A review15 funded by the Indigo Trust, a funding organization focused on transparency and accountability in Sub-Saharan Africa, found that there exist more than 10 data disclosure mechanisms within the Ugandan government, but that these cover only a few government agencies, namely public finance, water and environment and national statistics. The absence of a centralized open government data portal prompted several actors to publish data relevant to Ugandan governance and public life in different portals like (supported by UNICEF), (supported by the African Development Bank) and several other sector-focused initiatives initiated by civil society organizations, international agencies, and academia. The tendency of actors from non-governmental sectors to step up to fill open data gaps left by governments is a common theme across this series of case studies.

Data Collection and Disclosure in the Ugandan Health Care System

Uganda’s Ministry of Health is responsible for one of the important sectors in the country. Its primary mandate is to formulate policies related to health, manage partnerships, resource mobilization, capacity building, and quality control on health service delivery, as well as to monitor and evaluate overall health sector performance across the country and at every level of government.

Health care provision in Uganda is undertaken by both public and private actors. Public health service providers have a decentralized structure which consists of national referral hospitals, semi-autonomous regional referral hospitals, and a well-established District Health System under the leadership of the District Directorate of Health Services in each of the country’s 111 districts. The intent behind decentralization was to make services reach even the most remote communities, and health centers in the country are broken up into four categories (ranging from the most rudimentary facilities, Health Center 1, to the more advanced, Health Center 4). Health service delivery is based on a referral system, with cases escalated up the categories depending on their level of complexity and facilities required.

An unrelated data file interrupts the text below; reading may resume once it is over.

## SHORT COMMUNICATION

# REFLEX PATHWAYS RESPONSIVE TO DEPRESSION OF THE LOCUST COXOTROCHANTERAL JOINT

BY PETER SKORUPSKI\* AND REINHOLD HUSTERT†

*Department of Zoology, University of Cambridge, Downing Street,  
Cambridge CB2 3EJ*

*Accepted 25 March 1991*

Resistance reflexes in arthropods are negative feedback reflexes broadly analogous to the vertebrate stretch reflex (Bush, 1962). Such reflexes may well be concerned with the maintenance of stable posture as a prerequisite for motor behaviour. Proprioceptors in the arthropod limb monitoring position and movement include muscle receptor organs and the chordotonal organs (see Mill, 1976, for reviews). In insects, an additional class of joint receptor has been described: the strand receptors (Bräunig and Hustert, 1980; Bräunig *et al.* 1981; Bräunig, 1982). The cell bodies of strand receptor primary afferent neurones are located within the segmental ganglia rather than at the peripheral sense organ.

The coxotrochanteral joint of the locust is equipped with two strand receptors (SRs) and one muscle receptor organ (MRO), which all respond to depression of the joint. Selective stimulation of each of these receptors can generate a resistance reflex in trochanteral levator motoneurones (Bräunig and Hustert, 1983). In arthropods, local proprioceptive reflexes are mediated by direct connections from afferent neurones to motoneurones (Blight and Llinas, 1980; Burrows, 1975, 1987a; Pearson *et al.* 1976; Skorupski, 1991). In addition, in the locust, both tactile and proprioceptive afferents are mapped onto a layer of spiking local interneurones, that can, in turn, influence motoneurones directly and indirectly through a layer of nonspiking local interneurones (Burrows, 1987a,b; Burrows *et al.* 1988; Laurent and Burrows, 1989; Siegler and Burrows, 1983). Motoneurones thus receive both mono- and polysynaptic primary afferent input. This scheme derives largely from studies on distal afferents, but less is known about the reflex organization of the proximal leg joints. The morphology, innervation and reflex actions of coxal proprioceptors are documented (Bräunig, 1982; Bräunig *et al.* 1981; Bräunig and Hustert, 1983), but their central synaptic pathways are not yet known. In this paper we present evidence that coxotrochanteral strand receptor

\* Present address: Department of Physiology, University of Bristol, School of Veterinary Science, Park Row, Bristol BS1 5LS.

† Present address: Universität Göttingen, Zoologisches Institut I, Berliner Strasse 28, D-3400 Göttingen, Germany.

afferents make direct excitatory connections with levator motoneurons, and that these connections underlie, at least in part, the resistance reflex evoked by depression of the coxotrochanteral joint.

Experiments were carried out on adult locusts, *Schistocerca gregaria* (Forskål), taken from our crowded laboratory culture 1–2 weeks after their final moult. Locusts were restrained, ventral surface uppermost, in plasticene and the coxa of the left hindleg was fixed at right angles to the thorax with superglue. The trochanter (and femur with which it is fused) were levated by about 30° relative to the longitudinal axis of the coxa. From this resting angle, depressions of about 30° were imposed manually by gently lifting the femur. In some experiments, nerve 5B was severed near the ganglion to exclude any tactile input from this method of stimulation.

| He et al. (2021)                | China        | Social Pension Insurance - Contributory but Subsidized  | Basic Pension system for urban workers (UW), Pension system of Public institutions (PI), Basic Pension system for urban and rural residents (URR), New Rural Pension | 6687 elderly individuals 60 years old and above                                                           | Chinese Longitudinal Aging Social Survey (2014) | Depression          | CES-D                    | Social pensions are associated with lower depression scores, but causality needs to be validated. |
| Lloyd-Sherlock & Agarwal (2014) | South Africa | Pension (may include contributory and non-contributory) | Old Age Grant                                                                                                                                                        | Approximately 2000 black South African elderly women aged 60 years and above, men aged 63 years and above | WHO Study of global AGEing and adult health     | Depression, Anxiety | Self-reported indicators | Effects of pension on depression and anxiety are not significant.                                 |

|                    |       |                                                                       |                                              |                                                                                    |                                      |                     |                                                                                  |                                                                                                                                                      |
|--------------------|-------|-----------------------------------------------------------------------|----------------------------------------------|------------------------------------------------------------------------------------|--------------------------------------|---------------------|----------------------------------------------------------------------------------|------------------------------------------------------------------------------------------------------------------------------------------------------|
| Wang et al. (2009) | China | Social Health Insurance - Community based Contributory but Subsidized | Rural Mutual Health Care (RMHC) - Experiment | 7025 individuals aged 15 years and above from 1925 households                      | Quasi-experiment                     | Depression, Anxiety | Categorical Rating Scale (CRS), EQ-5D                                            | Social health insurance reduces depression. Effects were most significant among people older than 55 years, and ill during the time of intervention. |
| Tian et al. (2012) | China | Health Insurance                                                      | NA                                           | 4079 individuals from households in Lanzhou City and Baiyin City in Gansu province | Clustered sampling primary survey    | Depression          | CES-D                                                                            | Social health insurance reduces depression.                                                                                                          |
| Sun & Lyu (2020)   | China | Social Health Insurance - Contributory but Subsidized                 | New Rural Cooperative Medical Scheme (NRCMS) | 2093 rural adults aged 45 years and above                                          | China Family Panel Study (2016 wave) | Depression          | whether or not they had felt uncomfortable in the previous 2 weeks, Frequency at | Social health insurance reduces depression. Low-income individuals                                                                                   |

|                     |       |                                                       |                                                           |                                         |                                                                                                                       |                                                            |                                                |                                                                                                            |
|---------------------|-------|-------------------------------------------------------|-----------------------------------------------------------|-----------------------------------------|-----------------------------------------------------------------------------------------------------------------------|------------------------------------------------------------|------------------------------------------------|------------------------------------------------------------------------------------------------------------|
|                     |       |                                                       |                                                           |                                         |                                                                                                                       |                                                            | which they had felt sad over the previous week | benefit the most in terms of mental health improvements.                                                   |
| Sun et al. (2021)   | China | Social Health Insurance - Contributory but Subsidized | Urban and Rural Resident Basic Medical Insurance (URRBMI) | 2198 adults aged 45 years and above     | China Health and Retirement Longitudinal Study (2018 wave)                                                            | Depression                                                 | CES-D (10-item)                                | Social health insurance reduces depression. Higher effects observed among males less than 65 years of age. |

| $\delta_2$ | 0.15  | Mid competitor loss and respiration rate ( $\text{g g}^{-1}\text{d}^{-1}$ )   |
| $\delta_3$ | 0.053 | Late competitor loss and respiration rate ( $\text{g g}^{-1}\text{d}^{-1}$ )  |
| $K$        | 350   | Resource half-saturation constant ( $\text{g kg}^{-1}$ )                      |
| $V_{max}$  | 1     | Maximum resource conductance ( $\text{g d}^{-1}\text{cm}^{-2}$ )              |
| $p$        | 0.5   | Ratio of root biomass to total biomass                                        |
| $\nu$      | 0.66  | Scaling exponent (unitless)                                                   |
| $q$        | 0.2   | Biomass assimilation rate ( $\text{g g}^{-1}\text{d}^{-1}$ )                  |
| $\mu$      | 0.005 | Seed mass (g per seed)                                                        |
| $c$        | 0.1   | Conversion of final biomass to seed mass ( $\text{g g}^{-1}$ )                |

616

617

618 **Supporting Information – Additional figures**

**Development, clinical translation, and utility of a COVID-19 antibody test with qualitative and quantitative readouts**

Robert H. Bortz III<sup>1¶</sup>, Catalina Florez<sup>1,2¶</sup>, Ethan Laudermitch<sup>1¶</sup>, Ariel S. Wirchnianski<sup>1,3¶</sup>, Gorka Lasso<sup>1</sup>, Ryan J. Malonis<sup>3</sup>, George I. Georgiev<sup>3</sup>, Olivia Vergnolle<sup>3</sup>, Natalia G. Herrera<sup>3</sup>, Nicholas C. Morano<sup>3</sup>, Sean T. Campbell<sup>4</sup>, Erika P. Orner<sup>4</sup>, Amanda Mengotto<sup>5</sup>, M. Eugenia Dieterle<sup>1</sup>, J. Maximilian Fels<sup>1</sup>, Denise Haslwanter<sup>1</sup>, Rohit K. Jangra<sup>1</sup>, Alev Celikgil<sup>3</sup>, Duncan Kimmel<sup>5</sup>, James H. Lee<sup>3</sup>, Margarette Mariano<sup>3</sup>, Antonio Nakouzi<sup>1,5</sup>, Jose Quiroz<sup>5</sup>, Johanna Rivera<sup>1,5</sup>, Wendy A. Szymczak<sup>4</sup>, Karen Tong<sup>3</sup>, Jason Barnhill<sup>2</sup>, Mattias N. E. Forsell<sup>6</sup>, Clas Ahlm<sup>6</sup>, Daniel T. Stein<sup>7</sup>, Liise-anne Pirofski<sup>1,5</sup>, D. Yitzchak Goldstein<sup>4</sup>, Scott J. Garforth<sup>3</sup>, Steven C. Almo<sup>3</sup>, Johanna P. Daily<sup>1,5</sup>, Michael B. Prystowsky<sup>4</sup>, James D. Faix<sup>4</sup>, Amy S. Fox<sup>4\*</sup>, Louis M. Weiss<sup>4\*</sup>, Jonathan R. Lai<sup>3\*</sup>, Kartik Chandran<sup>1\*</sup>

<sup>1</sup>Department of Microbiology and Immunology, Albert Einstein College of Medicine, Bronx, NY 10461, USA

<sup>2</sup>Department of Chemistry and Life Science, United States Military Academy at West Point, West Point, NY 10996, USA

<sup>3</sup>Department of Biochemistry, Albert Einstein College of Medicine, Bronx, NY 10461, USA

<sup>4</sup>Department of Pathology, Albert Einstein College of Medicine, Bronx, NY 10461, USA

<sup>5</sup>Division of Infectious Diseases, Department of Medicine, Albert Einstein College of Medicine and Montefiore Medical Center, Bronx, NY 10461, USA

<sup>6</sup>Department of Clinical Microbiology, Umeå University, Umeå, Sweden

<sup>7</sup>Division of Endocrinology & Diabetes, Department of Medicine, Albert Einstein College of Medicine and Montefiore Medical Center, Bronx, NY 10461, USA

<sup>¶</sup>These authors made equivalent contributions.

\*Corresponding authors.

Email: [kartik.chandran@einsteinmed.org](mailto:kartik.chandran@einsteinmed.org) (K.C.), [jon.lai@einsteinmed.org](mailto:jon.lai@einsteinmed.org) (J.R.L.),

Private sector health service provision is offered by a number of actors. These include facility-based private providers, not for profit (PNFP) providers, non-facility based PNFPs, private health practitioners, and traditional medical service providers. Facility-based PNFPs are those who own or operate their own hospitals and clinics; an example of a non-facility based PNFP would be an NGO offering medical services. Private health practitioners refer to those that provide primary and secondary level health services and include a wide range of actors, such as diagnostic centers, private medical and dental clinics, and pharmacies.

The capacity of Ugandans to seek treatment from private sector health service providers, without having to go through the long process of referral in the government system, is affected by their financial capacity and geographic location. In some areas, especially in rural Uganda, there are no private PNFPs or private health practitioners. For residents of these areas, many of whom also lack the financial capacity to pay for private health care, government health centers are the only option (they may also submit themselves for treatment to traditional herbalists or other “informal” healers without formal training).

The government collects health care data from both the public and private sectors (though it does not collect information from the informal sector). The data collected is largely stored in paper-based formats,16 based on a set of standardized forms issued by the Ministry of Health (MoH). Aggregation of data is done at the level of MOH, through a Health Management Information System (HMIS17) which aims to ensure timely aggregation, storage and retrieval of health information. Data quality is largely (and often negatively) affected by the capacity of lower-level administrative agencies to collect and report data in an effective manner. As a WHO report puts it: “lower administrative levels chronically lack the capacity to capture and report vital events such as community births and deaths.”18 Another study19 reported that data collected regarding inpatient, outpatient, and health coverage indicators was less than 85 percent complete.

The MOH has made several noteworthy attempts to address these issues. For example, in 2010 the MOH launched the Human Resource for Health Information System (HRHIS),20 a database platform developed in partnership with USAID that paved the way for comprehensively identifying staffing gaps down to the district level. The MOH has also sought to address data shortcomings by increasing the budget for human resources in public health centers.21 Despite improvements, however, most of the data collected is not available to the public, and even when available, is difficult for ordinary citizens to understand. HMIS data, for example, requires registration for access and is available only to authorized users through a dashboard. HRHIS data, on the other hand, can be downloaded in spreadsheets format, but needs a trained user for the spreadsheets to be understood.